Hoppy Days for Big Beer

The U.S. Justice Department approved a $108 billion merger between Anheuser-Busch InBev and SABMiller.

Chris Helgren / Reuters

NEWS BRIEF The beeropoly is upon us. From now on, Bud, Bud Light, Miller, Coors, Corona, Michelob, Stella Artois, just about every bottled beer behind the bar will come from one company.

On Wednesday the U.S. Justice Department approved a $108-billion merger between the world’s two largest beer makers, Anheuser-Busch InBev and SABMiller. The deal still needs approval from China, but it has already been signed off by most of the world’s countries, and the U.S. was seen as the hardest sell.

That’s not to say the deal came without its caveats. As The Wall Street Journal reported, the Department of Justice:

... put restrictions on the beer giant’s ability to pursue the fastest-growing part of the U.S. beer market by getting AB InBev to agree to let antitrust enforcers review any future craft beer and distributor acquisitions. Normally, many of those transactions wouldn’t be big enough to qualify for such scrutiny.

The Justice Department agreement with AB InBev also limits the Belgian-based brewer from creating incentive programs that encourage independent distributors to sell and promote its beers over rivals. It means AB InBev will have to abandon a new plan that would financially reward U.S. distributors for focusing on brands like Budweiser and Stella Artois.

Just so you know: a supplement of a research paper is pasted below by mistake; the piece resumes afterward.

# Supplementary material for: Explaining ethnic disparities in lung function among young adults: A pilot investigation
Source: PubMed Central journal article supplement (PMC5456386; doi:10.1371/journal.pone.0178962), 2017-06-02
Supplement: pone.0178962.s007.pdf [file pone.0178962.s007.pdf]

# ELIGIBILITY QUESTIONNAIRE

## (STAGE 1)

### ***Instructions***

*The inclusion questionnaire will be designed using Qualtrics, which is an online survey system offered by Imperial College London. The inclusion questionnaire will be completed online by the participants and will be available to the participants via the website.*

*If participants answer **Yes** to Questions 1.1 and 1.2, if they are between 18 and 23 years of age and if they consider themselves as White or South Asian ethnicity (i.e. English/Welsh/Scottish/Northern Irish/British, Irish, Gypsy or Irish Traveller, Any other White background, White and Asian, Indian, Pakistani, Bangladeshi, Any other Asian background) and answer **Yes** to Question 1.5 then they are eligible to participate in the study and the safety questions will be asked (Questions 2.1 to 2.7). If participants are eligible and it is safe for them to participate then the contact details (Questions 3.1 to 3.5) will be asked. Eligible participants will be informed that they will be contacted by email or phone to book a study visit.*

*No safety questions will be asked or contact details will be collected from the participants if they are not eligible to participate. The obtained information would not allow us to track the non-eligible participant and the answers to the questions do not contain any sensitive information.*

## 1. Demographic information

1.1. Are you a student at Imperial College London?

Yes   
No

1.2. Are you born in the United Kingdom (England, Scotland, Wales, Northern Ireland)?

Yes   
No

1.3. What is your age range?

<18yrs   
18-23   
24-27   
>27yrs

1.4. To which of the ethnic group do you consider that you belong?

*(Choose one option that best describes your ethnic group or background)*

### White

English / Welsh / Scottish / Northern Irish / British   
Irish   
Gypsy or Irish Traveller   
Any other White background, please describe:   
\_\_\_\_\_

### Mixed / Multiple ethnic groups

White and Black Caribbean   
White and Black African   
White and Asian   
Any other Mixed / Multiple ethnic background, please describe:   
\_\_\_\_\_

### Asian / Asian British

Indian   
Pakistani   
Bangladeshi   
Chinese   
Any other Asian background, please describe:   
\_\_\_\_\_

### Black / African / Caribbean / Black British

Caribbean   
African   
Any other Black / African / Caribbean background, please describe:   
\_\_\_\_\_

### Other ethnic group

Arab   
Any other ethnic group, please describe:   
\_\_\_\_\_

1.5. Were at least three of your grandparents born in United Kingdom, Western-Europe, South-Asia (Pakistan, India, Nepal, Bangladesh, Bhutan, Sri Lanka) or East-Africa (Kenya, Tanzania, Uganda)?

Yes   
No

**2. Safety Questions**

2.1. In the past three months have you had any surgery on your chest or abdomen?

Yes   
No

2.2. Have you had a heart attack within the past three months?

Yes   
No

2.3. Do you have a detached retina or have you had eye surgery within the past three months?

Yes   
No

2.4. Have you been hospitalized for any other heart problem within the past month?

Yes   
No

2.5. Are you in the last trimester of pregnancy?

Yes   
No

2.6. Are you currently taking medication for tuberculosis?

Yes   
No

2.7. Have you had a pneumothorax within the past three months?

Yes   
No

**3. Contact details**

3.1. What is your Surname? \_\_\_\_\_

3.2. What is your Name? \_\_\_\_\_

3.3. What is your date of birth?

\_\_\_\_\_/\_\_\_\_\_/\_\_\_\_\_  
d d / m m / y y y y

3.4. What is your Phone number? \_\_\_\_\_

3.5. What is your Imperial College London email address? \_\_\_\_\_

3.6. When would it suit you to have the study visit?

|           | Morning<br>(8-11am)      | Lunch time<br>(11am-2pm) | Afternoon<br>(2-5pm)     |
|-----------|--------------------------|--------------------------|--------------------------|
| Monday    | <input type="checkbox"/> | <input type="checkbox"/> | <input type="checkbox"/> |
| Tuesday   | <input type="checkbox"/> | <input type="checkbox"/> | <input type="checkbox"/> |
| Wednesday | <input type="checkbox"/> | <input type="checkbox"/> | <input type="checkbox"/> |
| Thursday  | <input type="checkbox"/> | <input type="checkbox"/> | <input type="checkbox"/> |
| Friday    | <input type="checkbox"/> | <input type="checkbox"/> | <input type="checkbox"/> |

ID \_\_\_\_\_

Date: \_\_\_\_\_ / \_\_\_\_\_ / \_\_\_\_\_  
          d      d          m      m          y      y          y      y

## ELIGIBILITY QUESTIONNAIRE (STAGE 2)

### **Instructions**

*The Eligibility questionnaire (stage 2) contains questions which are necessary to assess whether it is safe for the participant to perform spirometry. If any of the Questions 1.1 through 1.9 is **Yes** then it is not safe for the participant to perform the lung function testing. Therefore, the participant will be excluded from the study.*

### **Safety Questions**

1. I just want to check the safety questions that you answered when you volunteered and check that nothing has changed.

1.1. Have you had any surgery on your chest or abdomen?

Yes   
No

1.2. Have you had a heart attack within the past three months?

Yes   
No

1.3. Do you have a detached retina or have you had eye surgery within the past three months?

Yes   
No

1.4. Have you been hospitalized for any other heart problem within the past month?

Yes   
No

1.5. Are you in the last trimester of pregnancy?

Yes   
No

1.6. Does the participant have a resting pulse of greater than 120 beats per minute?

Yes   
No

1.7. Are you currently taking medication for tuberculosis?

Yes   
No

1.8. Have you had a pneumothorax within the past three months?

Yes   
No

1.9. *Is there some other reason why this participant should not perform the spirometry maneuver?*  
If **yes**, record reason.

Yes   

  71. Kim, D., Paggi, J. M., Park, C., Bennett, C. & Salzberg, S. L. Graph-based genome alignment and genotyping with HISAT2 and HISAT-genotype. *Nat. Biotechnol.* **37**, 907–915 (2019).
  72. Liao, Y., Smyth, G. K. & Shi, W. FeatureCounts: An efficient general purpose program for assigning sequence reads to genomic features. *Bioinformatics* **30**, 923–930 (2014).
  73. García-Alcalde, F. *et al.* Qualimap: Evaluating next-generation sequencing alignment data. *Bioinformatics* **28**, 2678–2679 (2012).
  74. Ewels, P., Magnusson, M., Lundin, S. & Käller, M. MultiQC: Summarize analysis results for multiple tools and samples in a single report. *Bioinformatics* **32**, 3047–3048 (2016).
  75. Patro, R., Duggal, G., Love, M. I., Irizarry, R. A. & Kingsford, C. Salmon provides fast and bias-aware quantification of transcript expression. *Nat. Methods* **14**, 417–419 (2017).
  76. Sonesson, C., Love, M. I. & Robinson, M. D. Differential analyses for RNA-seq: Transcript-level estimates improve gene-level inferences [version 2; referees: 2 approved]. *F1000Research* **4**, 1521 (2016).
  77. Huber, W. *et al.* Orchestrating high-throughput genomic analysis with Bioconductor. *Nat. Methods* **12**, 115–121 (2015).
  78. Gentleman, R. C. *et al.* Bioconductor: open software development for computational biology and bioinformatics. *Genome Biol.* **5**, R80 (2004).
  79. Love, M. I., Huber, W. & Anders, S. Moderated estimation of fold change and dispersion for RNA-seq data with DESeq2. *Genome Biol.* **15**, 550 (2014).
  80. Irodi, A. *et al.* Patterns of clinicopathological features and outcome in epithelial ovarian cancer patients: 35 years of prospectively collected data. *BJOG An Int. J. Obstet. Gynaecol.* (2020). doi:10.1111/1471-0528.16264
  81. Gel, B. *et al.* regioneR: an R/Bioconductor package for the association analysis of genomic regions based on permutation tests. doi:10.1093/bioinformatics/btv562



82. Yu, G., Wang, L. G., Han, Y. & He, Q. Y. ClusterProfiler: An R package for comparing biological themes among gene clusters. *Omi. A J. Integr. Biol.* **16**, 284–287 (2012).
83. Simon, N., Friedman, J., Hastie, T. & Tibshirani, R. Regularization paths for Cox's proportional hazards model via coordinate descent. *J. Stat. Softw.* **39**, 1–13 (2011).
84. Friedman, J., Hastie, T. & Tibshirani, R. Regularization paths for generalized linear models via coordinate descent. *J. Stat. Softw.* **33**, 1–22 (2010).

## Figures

Another concession, though by the companies own choice, was SABMiller’s offer to sell its U.S. stake in MillerCoors to Molson Coors Brewing. That would make Molson the second-largest brewer in the U.S., and essentially leave the beer market there unchanged by the larger merger.

This deal is supposed to bring the world market together for the two companies, because while SAB Miller has a strong presence in some areas, like Africa, Anheuser-Busch’s is limited there. The same goes for Latin American countries. The deal is also a reaction to a global slowdown in the companies’ growth. The craft-brew market has cut into both companies’ share of the beer market, though as my colleague David Graham wrote when the deal was first announced, the larger brewers have often reacted to this by buying up the small crafters.